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Augusta State University president was told of merger late in process, had concerns

Saturday, Jan. 21, 2012 5:05 PM
Last updated Sunday, Jan. 22, 2012 9:12 PM
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An e-mail Augusta State Univer­sity President William Bloodworth wrote to a University System of Georgia Board of Regents member shows he was not told about the merger with Georgia Health Sciences University until late December and was deeply concerned about the consequences.

Augusta State University President William Bloodworth said University System Chancellor Hank Huckaby informed him of the merger Dec. 22  ZACH BOYDEN HOLMES/FILE
ZACH BOYDEN HOLMES/FILE
Augusta State University President William Bloodworth said University System Chancellor Hank Huckaby informed him of the merger Dec. 22

“Had I been brought in earlier, I think I could have made things work out better than they’re now likely to work out,” Bloodworth wrote Dec. 26. “I wouldn’t have had to face my wife’s tears. I wouldn’t be dreading next week.”

Bloodworth said University System Chancellor Hank Huckaby informed him of the merger Dec. 22 and that he couldn’t get the issue off his mind, according to the e-mail to Regents Vice Chairman William H. “Dink” NeSmith Jr.

Bloodworth worried that the consolidation would be “devastating news” to the ASU community and said its members should play a role in the plans.

“Faculty and staff at ASU must be given some chance to be a part of the deal – given a chance, that is, to see it as a consolidation, not a takeover,” he wrote.

On Jan. 10, the Board of Regents voted to consolidate ASU with GHSU to create a comprehensive research university. It is one of four mergers across the state. The board had no communication with the public before the vote, and the plan was kept confidential.

Although his initial reaction to the merger was one of worry, Bloodworth said his feelings changed after he spoke with GHSU President Ricardo Azziz and got more details from the University System.

Like most of his students and faculty, Bloodworth said his gut reaction was a result of the many unknowns.

“I was worried because I didn’t see everything,” Bloodworth said in an interview Wednesday. “Looking at it now, it’s an act of courage done on behalf of all the people in the state.”

His biggest fear was that the merger would increase admission standards and close the door for low-income families or students with poorer academic records. ASU has traditionally offered a somewhat open admissions policy, with few requirements beyond a high school diploma or GED.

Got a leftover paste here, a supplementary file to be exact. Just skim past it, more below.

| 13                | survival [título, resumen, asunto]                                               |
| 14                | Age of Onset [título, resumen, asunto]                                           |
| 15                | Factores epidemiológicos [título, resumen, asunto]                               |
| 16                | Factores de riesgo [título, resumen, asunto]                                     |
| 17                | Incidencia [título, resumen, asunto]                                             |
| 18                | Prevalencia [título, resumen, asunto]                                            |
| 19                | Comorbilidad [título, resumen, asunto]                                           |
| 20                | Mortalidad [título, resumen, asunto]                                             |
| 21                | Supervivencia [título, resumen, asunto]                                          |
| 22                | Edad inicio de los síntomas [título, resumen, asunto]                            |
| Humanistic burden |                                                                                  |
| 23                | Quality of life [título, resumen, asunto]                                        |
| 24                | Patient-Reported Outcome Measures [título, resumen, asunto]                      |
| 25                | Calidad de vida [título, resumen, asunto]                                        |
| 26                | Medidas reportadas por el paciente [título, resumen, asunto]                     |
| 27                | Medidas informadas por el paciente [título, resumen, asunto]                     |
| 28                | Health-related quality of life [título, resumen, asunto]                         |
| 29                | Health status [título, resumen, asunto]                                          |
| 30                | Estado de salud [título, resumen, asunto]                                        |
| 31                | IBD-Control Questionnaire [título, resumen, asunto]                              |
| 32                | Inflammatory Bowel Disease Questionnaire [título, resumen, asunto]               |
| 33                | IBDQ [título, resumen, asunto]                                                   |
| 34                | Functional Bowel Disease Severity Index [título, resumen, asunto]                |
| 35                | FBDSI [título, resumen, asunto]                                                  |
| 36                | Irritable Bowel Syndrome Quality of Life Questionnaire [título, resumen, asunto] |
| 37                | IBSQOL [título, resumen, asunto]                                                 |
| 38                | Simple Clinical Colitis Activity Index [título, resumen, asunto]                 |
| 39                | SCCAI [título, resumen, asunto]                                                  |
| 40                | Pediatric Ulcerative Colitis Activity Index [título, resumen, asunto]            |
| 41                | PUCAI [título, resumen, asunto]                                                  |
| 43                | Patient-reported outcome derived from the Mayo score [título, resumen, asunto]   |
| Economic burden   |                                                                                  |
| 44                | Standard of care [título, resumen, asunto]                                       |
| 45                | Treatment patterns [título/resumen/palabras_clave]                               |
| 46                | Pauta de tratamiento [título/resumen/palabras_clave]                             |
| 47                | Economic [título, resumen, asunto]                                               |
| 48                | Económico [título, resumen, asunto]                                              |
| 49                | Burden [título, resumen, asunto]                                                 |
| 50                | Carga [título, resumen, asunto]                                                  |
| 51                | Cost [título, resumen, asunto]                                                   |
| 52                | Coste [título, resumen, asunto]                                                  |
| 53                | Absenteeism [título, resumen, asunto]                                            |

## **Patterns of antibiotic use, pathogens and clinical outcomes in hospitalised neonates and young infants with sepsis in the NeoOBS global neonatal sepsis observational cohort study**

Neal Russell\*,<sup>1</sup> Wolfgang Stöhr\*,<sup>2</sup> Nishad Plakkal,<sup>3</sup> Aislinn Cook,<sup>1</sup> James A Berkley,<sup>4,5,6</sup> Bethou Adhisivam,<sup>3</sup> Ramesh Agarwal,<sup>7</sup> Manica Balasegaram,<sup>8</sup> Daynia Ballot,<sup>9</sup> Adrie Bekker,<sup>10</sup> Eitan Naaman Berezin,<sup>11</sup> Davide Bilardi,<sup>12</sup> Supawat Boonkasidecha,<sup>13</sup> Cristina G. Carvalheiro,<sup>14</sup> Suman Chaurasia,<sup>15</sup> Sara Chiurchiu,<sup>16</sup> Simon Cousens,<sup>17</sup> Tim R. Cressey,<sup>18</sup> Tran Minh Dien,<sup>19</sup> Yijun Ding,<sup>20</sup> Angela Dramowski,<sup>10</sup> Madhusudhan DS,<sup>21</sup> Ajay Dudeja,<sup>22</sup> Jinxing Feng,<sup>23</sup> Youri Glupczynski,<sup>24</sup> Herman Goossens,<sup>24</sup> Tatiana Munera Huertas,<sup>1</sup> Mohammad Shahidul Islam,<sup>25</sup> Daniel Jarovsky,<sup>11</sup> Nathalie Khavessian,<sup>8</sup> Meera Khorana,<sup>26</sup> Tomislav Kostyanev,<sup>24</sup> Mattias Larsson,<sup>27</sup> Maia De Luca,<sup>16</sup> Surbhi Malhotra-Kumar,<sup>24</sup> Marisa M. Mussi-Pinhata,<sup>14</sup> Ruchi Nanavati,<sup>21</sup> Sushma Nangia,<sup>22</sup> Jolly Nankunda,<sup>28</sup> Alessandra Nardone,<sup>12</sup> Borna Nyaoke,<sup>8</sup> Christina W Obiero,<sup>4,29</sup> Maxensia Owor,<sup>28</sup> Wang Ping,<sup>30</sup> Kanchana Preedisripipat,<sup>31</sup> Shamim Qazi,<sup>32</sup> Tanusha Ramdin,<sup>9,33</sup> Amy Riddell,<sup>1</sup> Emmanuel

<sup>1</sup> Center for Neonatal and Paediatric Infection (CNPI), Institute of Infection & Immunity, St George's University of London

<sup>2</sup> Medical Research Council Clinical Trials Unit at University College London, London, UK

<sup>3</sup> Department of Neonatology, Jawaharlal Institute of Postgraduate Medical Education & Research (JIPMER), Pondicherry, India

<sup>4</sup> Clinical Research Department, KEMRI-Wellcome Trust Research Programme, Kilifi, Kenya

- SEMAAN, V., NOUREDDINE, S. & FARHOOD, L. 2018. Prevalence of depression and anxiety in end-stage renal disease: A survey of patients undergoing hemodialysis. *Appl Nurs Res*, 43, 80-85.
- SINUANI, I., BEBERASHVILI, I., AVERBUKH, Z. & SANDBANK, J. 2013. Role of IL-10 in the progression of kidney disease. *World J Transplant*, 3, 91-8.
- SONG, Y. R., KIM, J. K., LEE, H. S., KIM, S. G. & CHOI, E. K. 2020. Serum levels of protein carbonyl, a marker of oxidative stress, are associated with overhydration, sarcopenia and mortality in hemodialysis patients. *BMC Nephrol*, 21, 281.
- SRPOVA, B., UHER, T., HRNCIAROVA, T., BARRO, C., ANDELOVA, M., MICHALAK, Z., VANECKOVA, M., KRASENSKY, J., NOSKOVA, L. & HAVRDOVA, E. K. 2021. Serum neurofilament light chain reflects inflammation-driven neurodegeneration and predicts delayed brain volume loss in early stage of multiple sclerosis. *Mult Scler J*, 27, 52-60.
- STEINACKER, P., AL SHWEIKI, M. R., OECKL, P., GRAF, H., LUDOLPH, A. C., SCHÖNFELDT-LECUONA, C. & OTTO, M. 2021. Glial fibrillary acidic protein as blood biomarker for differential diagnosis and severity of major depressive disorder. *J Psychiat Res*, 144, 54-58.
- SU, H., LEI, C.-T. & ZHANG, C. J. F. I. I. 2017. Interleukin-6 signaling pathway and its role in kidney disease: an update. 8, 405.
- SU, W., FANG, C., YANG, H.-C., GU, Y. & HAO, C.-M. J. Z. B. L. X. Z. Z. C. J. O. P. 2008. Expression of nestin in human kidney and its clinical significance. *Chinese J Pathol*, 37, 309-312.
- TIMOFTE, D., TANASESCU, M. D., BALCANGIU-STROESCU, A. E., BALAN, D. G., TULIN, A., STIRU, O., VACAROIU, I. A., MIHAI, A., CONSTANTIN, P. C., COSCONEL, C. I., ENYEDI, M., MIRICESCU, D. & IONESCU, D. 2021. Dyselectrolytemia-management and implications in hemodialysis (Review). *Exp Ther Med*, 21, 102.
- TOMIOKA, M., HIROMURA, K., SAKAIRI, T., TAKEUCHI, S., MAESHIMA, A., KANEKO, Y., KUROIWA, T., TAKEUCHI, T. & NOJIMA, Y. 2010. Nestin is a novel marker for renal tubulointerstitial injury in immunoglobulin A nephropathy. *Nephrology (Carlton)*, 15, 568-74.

Bloodworth said Huckaby assured him that the admissions policy would not change and that students would have the same access.

“I think my role as we begin to consolidate is to be an advocate for an institution that’s committed to serving students,” Bloodworth said.

Even though Bloodworth said in his e-mail to NeSmith that he wished he had been brought into the process sooner, ASU president said in hindsight that he understands it was the only feasible way for the University System to plan four mergers.

Bloodworth also wrote that he hoped Huckaby would tell the public that Azziz and Blood­worth were planning the consolidation together, because “presenting it as a two-party effort will take some of the sting out of it.”

Bloodworth asked NeSmith to give his support for Azziz being the president of the joined institution, which would help in the accreditation process.

In August, Bloodworth announced plans to step down as president at the end of this academic year. He said he’s aware of rumors floating around that the state pressured him into retirement so Azziz could lead the new institution.

It was a coincidence, Bloodworth said, stressing he had no knowledge of the consolidation when he made his announcement.

When he leaves the presidency, Bloodworth will return to the classroom as an English and American studies professor with tenure.

He said he’ll continue to be a part of the merging process and is excited for what’s ahead.

“This is historic. … We really do have a chance to do something that is quite new and quite different in American higher education.”